Humanities will host scholars from U.S. and France to examine how globalization has shaped black women’s idea of self
How do black women in Francophone nations such as Haiti or Cameroon identify with those in France? If women in countries like Senegal are performing feminist work while resisting the description of feminism, which is often seen as a white or Western concept, does a feminist label still apply? What does it mean to be a black woman versus a woman of African descent, and how do broad concepts like geography and history affect that determination?
“That’s why we’re having a conference,” said Jacqueline Couti, the Laurence H. Favrot Associate Professor of French Studies in the Classical and European Studies department, who’s organizing a three-day international symposium to address these topics and more.
“Can We Talk About Black Feminisms in a French (Post-)imperial Context?” will take place Oct. 17-19 in Lovett Hall’s Founders Room. Couti has invited scholars from the United States and France to examine how globalization has shaped black women’s idea of self and how their bodies and identities have been framed by non-black men and women alike.
The conference is free and open to the public. Couti stressed the importance of its openness and accessibility, as bringing various points of view to the symposium is vital.
“This will be open to everyone, because even when you talk about what it means to be a black woman or what black feminism is, you’re talking about women,” Couti said. “And at the end of the day, we’re still speaking about what it means to be a human being. When you talk about blackness, you are still talking about being human.”
The symposium comes ahead of a larger conference Couti is organizing, which will take place March 3-5, 2020, in Paris at one of the country’s leading research centers. In preparation, Couti has asked many of those same scholars to convene at Rice to work on the spring conference and present their original, cutting-edge research.
“I thought it would be great to have people come here first so that Rice could be a think-tank space,” Couti said. “When I talk to my friends from big research schools in France, they know Rice for sciences, but they don’t know Rice for humanities.”
Administrative work on the Paris conference will take place in the mornings on Thursday and Friday during the Rice symposium, while roundtable and panel sessions, which are open to the public, will take up the afternoons and most of Saturday. A screening of the documentary “Mariannes Noires,” which examines the lives of seven Afro-French women unraveling what it means to be a multicultural French citizen in the 21st century, will conclude the conference Saturday afternoon.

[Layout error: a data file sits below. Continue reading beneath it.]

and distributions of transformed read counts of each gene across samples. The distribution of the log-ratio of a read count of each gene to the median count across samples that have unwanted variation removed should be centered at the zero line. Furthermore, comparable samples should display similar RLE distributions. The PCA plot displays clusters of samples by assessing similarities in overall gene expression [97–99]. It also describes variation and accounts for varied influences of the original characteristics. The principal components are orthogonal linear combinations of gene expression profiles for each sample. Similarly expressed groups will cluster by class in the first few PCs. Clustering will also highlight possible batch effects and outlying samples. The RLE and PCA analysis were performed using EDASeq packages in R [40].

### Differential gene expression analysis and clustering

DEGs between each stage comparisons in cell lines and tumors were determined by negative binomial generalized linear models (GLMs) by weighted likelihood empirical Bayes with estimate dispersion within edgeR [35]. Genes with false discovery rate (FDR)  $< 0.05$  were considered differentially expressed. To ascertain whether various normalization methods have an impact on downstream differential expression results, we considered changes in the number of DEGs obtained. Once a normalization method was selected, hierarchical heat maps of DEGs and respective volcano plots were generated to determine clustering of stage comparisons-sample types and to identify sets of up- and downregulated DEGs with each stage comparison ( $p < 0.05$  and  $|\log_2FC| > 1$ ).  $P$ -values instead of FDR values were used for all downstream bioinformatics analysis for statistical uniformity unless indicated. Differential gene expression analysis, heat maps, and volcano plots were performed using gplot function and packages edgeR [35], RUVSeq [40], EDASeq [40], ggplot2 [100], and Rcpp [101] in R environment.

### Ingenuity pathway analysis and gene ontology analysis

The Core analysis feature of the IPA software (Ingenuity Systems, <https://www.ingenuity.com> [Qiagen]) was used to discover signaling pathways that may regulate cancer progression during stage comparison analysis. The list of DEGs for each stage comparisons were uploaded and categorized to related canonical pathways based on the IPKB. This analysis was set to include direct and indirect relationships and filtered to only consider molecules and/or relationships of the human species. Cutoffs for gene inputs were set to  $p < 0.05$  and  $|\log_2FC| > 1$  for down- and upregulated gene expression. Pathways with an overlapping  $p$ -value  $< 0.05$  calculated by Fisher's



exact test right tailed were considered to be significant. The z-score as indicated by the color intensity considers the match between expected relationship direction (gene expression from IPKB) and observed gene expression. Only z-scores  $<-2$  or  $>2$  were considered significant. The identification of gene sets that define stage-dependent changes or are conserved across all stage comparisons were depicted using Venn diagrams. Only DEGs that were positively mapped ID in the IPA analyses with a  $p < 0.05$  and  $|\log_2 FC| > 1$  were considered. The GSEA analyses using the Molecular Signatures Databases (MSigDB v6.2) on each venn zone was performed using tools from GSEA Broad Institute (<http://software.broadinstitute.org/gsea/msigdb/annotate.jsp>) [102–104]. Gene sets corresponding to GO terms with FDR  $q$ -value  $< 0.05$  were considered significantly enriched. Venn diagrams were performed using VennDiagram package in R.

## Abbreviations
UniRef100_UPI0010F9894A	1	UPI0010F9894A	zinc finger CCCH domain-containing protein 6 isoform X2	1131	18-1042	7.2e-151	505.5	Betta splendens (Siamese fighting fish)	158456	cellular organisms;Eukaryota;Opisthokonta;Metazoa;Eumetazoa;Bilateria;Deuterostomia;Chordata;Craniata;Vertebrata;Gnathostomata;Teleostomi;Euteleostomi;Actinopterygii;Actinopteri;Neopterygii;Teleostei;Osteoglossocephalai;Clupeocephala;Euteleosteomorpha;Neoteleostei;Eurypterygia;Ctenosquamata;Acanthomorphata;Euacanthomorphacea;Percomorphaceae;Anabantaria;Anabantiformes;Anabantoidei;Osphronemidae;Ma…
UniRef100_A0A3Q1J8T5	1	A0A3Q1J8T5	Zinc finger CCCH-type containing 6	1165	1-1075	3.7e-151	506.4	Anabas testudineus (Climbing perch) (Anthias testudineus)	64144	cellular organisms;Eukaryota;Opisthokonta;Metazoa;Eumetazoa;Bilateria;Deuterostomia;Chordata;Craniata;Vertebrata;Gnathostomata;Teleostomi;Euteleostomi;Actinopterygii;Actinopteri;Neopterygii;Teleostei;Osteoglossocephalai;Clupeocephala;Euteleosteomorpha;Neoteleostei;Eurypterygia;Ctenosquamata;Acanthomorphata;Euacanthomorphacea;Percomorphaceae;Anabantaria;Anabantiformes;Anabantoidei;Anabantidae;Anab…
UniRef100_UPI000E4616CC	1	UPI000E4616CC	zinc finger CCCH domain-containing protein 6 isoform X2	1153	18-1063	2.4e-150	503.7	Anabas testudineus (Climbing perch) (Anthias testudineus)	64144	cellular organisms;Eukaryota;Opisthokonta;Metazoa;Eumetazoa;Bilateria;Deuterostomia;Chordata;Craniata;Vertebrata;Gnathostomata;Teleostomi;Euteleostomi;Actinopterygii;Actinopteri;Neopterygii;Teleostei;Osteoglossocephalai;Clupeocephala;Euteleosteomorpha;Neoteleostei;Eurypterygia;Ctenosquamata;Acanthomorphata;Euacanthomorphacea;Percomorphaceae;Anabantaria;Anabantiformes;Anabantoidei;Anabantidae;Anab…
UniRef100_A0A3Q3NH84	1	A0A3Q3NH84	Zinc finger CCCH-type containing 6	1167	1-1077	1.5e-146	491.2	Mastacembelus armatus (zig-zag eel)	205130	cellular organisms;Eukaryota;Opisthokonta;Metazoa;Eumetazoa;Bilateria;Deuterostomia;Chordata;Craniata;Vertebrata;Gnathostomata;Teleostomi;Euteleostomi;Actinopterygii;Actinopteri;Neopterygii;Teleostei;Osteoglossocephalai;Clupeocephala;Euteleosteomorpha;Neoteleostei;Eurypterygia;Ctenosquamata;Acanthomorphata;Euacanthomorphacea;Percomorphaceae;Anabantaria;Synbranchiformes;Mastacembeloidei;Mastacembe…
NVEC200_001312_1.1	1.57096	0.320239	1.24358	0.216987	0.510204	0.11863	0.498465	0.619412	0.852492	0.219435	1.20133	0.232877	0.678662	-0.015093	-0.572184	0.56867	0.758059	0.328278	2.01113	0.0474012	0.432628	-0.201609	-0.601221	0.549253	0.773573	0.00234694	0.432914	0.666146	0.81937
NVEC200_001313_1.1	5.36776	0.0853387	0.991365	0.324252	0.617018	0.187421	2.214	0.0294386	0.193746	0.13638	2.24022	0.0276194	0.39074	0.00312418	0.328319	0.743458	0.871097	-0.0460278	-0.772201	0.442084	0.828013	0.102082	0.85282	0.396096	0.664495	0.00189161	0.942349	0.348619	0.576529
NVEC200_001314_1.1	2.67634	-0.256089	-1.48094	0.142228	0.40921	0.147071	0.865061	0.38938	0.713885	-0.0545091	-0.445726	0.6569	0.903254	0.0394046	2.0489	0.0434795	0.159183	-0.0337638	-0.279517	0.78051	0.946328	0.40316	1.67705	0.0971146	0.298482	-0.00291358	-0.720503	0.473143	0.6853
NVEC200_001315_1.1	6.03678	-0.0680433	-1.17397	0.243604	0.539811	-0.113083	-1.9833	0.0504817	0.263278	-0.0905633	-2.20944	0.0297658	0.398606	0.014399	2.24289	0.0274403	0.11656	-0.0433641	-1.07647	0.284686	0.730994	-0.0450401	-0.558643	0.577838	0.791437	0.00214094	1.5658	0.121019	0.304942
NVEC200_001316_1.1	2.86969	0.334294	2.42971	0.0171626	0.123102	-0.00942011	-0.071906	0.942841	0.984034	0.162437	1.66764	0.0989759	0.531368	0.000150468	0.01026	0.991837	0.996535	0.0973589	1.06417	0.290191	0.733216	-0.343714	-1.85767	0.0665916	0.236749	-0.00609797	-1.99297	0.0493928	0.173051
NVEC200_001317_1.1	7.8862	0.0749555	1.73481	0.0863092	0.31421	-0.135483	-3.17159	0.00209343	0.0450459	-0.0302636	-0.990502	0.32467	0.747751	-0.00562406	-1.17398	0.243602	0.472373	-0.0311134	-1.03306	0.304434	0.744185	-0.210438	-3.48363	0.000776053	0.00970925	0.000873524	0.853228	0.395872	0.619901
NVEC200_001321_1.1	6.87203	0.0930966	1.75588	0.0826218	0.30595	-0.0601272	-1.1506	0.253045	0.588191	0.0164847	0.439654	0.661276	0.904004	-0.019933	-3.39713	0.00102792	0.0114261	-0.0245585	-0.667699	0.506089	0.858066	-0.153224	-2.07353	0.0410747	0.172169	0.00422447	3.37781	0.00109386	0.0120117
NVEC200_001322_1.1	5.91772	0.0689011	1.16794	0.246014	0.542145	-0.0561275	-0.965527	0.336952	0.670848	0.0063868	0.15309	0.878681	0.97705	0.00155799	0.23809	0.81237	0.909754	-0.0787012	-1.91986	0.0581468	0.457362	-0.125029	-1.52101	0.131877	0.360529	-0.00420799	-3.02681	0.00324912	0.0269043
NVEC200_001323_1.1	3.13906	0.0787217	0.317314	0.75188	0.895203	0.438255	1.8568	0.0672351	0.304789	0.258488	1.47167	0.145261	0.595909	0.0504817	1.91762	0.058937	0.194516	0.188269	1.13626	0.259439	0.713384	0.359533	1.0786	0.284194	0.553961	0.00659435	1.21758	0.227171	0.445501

Couti recognizes that the topics covered by the symposium can be difficult and uncomfortable to discuss, but this only makes them more important. Addressing these issues, she said, helps us better understand others as well as ourselves. And this, Couti said, is key to collaborating, to diminishing tension and discord between groups that can only see differences, to reducing war and violence against others.
“For me, this is to show that the humanities are really about changing the world,” she said. “It’s great to invent a rocket and it’s great to find a cure for AIDS, but helping people to understand other people and to be nicer to other people, that’s great too — and this is part of what allows rockets to be built and diseases to be cured.
“We now know that the U.S. could never have landed live humans on the moon and brought them back without the help of some super smart black women,” Couti said. “But someone had to be in a position to recognize their intelligence, no matter how little recognition they got in the end. And they had to live in a society that valued educating them. The humanities have value in and of themselves, but they also make possible a lot of the other undertakings that we value.”
“Can We Talk About Black Feminisms in a French (Post-)imperial Context?”, Oct. 17-19, Founders Room, Lovett Hall, free and open to the public. This symposium is sponsored by the School of Humanities, the Humanities Research Center, the Office of Research at Rice’s Creative Venture Fund and the Center for African and African American Studies.